Wednesday, January 16, 2019
A visit to CAVAglass on 7th Street
Photos and interview by Stacie Joy
I recently got a chance to meet with artist Joseph Cavalieri of CAVAglass at his workspace on Seventh Street near Avenue C to learn more about working with glass and see some of his current pieces as well as a work in progress.
How did CAVAglass come to be?
I chose CAVAglass as the name of my business basically because no one can spell my last name correctly! Seriously, I wanted a short and memorable business name that relates to my glass work and Italian roots.
CAVAglass is a stained-glass studio in my home in the East Village where I create hand-painted works, mainly for commissions and for upcoming exhibitions. I get to travel to teach weeklong painting on glass workshops around the country, and sometimes in Europe if I get lucky. I have had work spaces outside of my home in the past, but I feel terribly spoiled to be able to work, live, and teach in the same space. No dealing with the subway, and I can work any hours I like.
For most of my professional career before working with glass, I worked as an art director for magazines here in New York City. I spent about six years each at GQ, People and Good Housekeeping. It was a fun career, with great and creative people as well as lots of challenges and rewards. Around 2000 I studied at UrbanGlass in Brooklyn, and in 2010 left my full-time publishing job to open CAVAglass.
What made you chose the East Village to live and work in? How does the neighborhood affect your work?
My family goes way back in this neighborhood. In the 1920s, my grandfather lived on 11th Street, the same block as Veniero's. He met and married my grandmother, who lived on Spring Street and Lafayette, in Little Italy, and moved to the Bronx and then up to Westchester to raise a family with 13 kids.
My moving here in 1997 from Elizabeth Street in Nolita felt very natural, I think that familiarity with the neighborhood is in my DNA. It is comforting to know my last apartment was four blocks from where my grandmother lived in Little Italy, and my current home/studio is about six blocks from where my grandfather lived.
I am stimulated every time I walk out my door, finding inspirations in the mix and clash of visuals. These are a mix of personalities of my local neighbors, trashy bridge-and-tunnel girls barfing on the street (I definitely want to do a stained-glass window about them), patterns and colors, fashion and lack of fashion on the street, stickers and graffiti, architecture, and the nature in Tompkins Square Park. I also have a little roof garden so I get to see some nature one flight up, when I need a break from my work.
What are some of the challenges you face in working with glass as a medium?
The biggest and most important challenge with each work is to have the finished work tell the story I have inside my head when I first design it, but isn't that true with every artist? The difference with my art is I paint on the glass with enamels that are kiln-fired onto the surface of the glass permanently. There is no going back and erasing the image.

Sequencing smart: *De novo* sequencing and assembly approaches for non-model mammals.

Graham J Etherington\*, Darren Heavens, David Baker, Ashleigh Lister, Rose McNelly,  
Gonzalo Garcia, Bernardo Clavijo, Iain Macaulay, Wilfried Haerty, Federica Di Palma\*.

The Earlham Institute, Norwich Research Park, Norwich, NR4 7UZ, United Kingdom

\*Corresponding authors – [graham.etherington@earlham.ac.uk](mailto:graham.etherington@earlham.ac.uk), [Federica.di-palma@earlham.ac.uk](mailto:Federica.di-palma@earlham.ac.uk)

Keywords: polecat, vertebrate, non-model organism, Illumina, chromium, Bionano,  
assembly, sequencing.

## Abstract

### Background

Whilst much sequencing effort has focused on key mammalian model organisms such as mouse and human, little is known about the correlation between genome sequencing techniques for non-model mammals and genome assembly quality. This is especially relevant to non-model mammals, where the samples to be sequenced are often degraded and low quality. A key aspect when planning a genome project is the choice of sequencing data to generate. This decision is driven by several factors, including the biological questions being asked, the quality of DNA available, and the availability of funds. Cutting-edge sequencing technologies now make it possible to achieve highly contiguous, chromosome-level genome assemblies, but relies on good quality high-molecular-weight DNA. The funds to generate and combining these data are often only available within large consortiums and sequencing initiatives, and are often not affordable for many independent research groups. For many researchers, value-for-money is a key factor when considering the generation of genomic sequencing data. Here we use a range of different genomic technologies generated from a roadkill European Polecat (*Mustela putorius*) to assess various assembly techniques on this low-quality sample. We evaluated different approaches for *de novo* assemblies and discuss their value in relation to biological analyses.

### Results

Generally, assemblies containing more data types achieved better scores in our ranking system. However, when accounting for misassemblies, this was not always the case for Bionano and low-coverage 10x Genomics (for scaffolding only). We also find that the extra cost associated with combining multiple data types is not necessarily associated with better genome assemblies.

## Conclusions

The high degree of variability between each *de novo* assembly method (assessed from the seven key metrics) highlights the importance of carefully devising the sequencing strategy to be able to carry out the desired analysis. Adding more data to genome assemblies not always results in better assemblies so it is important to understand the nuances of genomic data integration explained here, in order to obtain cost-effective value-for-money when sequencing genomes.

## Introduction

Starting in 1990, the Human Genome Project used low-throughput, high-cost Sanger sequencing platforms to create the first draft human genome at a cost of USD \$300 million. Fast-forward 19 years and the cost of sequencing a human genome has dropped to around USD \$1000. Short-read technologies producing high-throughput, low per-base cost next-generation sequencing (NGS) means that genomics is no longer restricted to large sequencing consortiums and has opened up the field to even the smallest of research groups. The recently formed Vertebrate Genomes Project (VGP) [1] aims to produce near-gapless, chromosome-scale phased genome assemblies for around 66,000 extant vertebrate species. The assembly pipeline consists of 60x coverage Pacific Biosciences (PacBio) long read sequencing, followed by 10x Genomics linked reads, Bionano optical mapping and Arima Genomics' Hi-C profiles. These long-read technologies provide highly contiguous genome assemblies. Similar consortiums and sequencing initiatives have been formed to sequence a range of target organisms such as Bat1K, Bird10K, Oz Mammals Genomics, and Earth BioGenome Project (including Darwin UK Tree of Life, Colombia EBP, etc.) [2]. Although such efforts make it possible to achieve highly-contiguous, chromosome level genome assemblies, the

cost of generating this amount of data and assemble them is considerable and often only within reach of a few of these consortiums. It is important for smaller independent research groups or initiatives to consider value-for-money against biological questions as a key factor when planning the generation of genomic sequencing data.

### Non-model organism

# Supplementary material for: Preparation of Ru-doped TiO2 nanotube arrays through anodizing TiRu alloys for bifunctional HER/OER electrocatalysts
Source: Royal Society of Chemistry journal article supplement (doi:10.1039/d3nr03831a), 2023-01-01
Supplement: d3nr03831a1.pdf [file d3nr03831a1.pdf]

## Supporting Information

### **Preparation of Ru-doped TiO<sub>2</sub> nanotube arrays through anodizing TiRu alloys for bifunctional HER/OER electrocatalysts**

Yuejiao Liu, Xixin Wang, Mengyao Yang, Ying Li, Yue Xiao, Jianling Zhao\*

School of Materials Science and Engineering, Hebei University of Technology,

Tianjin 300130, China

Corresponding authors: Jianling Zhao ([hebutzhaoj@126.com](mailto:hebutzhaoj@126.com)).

Another challenge is to take my time when making work. The process is varied and demanding, from the hand-cutting sheets of glass, to sitting and concentrating on very detailed painting for hours, to the soldering and framing of the work. There is no instant gratification here, and I love the challenge of focusing on my vision.
The work you’ve shown me seems to have intertwined themes of consumerism, sin, and fables, and feature recognizable icons from "The Simpsons," R. Crumb’s work, the TV show "Bewitched," and "Alice in Wonderland." How have these cultural touchstones inspired you and what drew you to them?
I like surprising myself with nontraditional, sometimes humorous images in stained glass: it totally keeps me sane. "The Simpsons," "Alice in Wonderland" and Endora are put on a higher level when made of glass and lighted from behind. This effect once was only seen in stained glass windows in churches. My work is wall-hung with LED lighting, so you can experience this radiant effect privately and personally outside of the church.
Cavalieri is currently showing art at Dixon Place on the Lower East Side. His work will be featured in an exhibition on consumerism at the Pittsburgh Glass Center that opens March 1. Details on upcoming shows and some of his permanent art, including an MTA Arts for Transit project, can be found here.
Previously on EV Grieve:
A visit to the Tompkins Square Library branch on 10th Street
A visit to Bali Kitchen on 4th Street
A visit to Eat’s Khao Man Gai on 6th Street
A visit to Yoli Restaurant on 3rd Street
Preparing for Saturday's dinner at Il Posto Accanto on 2nd Street
A visit to the Streecha Ukrainian Kitchen on 7th Street
A trip to the recently expanded Lancelotti Housewares on Avenue A
A visit to C&B Cafe on 7th Street
A visit to Rossy's Bakery & Café on 3rd Street